In all the great commotion that is a major part of public education these days (such as bloggers and writers like me who feel compelled to support public schools instead of demonize them, legions of bureaucrats tucked in their cubbyholes staring all day at a computer screen, administrators who scurry from meeting to meeting, elected officials who feel anointed as education experts when they are sworn into office and so many more) it is way too easy to lose sight of the fact that learning is about the interaction of a big human (teacher) with a much smaller and younger human (student).
For neither bloggers nor bureaucrats nor elected officials wipe runny noses, or give hugs to first-graders or make sure all children have a snack at break time. Teachers do that.
And my best guess is that if the pontificators and all their just-named colleagues vaporized, learning wouldl still take place in our classrooms. But vaporize the teachers and there is no learning.
My long time friend, Kay Brown of Huntsville, understands this and captures it well in the following tribute to her first-grade teacher. With her permission I share her remembrance of Mrs. Estelle Rogers, who passed away May 26 at the age of 95.
It was 1960 and one girl cried all day long; one girl couldn’t hear well. One boy could hardly walk or talk and I discovered that one of the boys lived only a half a block away from me. But the most amazing part of the day was meeting the woman who would impact every single part of the rest of my life.
She was beautiful, well dressed, soft spoken but firm, and called me by name as if she already knew me. She called me by name for the rest of her life, always remembering me. I was excited because Mrs. Rogers had been my uncle Randy’s first grade teacher just four years before. He told me she was the best one to have and of course I trusted his 10 year old judgment.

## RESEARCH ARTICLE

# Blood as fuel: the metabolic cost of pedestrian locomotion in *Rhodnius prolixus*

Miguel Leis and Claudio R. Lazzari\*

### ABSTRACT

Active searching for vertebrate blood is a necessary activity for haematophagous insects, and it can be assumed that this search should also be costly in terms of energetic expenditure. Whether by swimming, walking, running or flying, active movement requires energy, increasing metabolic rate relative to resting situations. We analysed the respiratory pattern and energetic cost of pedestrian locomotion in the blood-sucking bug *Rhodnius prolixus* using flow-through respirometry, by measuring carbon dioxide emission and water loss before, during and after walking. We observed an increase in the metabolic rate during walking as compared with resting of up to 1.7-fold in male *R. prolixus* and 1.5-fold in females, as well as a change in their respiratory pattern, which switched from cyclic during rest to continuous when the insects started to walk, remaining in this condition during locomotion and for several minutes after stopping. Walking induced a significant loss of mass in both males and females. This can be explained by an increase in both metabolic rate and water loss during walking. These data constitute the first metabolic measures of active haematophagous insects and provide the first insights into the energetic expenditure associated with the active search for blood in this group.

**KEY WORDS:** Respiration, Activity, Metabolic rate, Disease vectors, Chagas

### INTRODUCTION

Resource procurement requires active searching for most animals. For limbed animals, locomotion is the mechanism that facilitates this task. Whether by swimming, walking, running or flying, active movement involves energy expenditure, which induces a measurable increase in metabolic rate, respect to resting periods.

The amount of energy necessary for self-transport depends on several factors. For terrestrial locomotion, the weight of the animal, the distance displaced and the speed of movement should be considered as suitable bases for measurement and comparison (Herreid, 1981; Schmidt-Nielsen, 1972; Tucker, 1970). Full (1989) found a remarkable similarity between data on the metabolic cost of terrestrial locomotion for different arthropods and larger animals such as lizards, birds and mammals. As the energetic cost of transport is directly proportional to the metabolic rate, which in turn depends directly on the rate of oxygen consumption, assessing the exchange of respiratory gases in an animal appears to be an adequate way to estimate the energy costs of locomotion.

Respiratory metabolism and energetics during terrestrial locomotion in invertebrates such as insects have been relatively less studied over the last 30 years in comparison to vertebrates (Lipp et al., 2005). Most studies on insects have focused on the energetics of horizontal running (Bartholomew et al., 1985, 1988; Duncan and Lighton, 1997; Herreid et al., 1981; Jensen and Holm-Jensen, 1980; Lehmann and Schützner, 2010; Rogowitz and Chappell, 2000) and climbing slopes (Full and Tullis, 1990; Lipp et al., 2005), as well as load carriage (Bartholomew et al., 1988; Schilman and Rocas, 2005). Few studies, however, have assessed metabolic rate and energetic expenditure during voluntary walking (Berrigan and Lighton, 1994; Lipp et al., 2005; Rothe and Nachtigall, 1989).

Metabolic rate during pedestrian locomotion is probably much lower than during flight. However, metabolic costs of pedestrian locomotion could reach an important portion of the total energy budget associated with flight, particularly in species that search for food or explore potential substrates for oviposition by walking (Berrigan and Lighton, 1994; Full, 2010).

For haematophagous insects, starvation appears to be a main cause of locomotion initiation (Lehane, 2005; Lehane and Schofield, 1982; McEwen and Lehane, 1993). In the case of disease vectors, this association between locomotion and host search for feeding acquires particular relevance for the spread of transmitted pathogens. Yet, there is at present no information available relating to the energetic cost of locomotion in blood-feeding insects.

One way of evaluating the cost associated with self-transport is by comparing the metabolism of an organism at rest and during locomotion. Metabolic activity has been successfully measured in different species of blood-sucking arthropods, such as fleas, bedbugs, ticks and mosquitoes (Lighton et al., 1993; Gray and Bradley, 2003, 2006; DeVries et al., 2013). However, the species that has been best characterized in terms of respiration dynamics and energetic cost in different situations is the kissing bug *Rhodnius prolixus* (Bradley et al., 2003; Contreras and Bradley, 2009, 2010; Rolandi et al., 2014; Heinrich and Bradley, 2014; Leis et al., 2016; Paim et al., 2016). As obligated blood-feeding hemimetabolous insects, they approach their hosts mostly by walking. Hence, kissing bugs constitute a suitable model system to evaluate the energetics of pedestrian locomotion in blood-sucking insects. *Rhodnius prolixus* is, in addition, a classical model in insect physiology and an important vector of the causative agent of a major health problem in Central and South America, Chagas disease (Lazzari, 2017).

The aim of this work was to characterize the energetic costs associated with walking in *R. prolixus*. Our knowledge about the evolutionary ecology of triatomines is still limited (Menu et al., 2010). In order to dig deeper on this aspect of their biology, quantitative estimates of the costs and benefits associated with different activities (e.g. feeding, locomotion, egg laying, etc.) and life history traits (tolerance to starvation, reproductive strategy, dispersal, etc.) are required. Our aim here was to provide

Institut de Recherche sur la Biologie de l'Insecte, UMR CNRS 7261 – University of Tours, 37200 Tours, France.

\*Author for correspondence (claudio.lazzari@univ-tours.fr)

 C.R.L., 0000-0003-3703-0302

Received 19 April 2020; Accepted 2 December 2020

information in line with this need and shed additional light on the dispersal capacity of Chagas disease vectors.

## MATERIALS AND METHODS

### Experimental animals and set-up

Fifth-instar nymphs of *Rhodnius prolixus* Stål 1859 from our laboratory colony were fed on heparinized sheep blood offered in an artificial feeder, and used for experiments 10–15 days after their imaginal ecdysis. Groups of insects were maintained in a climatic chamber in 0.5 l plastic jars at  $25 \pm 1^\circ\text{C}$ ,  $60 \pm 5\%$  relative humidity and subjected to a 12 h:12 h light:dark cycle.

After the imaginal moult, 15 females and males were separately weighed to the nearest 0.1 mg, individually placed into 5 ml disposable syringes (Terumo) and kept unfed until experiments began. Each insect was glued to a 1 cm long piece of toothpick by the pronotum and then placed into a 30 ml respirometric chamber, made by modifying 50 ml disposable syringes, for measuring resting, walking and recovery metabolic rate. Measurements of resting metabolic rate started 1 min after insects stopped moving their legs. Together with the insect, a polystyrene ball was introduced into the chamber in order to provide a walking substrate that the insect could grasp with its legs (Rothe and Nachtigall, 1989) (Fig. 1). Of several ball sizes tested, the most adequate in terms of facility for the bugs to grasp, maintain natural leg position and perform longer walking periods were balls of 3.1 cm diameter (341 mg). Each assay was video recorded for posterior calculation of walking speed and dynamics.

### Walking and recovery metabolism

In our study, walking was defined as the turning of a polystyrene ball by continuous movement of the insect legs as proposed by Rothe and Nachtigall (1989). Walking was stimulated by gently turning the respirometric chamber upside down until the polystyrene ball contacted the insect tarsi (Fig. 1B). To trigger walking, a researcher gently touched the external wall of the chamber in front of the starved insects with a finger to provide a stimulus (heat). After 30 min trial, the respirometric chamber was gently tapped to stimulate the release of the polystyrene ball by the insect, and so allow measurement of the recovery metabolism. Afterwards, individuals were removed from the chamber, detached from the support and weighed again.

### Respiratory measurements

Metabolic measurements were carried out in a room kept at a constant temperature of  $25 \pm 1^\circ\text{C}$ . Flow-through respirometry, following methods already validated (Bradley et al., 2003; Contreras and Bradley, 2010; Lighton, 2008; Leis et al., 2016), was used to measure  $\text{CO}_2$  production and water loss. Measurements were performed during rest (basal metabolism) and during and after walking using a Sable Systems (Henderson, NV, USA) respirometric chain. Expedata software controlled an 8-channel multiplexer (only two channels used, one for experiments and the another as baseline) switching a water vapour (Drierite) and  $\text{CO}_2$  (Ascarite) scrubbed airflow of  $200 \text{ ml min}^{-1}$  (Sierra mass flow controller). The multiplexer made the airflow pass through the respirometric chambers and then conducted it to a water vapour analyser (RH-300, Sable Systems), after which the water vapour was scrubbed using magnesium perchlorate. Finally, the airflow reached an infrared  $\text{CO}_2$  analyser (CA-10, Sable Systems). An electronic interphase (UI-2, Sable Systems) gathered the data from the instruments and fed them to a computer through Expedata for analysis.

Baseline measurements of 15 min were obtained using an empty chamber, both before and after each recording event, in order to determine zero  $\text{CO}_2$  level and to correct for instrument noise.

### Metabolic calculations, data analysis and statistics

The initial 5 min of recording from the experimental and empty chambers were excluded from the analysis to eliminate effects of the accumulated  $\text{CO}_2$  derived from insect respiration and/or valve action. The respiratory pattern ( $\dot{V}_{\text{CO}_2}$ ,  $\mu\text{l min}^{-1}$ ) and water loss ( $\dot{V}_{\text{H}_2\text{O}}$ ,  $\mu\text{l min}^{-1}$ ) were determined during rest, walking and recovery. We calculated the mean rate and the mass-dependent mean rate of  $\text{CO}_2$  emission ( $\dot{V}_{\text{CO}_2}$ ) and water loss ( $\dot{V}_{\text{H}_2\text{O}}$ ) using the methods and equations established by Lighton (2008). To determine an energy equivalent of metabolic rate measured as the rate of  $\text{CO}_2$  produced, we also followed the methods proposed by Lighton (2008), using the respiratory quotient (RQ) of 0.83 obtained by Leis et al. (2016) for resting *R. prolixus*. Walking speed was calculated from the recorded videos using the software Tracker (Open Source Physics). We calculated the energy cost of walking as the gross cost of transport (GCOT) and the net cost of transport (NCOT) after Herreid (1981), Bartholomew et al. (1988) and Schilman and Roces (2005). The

There were hundreds of us! We couldn’t all be present for her service but we were all thinking of Mrs. Rogers. She taught us to read and write, to add and subtract, to line up in straight lines and to help the boy who couldn’t walk that line too. She taught us to behave properly and disciplined us with time out in the cloak room. Who wears a cloak?
When we were 40 or 50 or now over 60, we can still only bring ourselves to call her Mrs. Rogers. In the grocery, at church, at the library, speaking to her club, selling her makeup, walking down the street on the square. In her presence, we are still only six years old and need to show her our good manners. Many of our hundreds are already in heaven and will greet her the same way.
From that hot classroom in Jacksonville, AL we took away lessons for life. She taught us to respect each other and to be kind to others. She taught us to work hard, to think and to stand tall. She taught us to always remember where we came from.
Mrs, Rogers, your calling is complete. We will carry your lessons on from here because you taught us well. Go with God.
All of us remember a Mrs. Rogers. Someone who didn’t see us as a data point, but as a delicate flower bursting into the sunlight needing to be watered and nurtured and loved.
And we can all hope that when our time is ended, we may have been so fortunate as to have impacted someone we came in contact with as profoundly as all the Estelle Rogers of this world.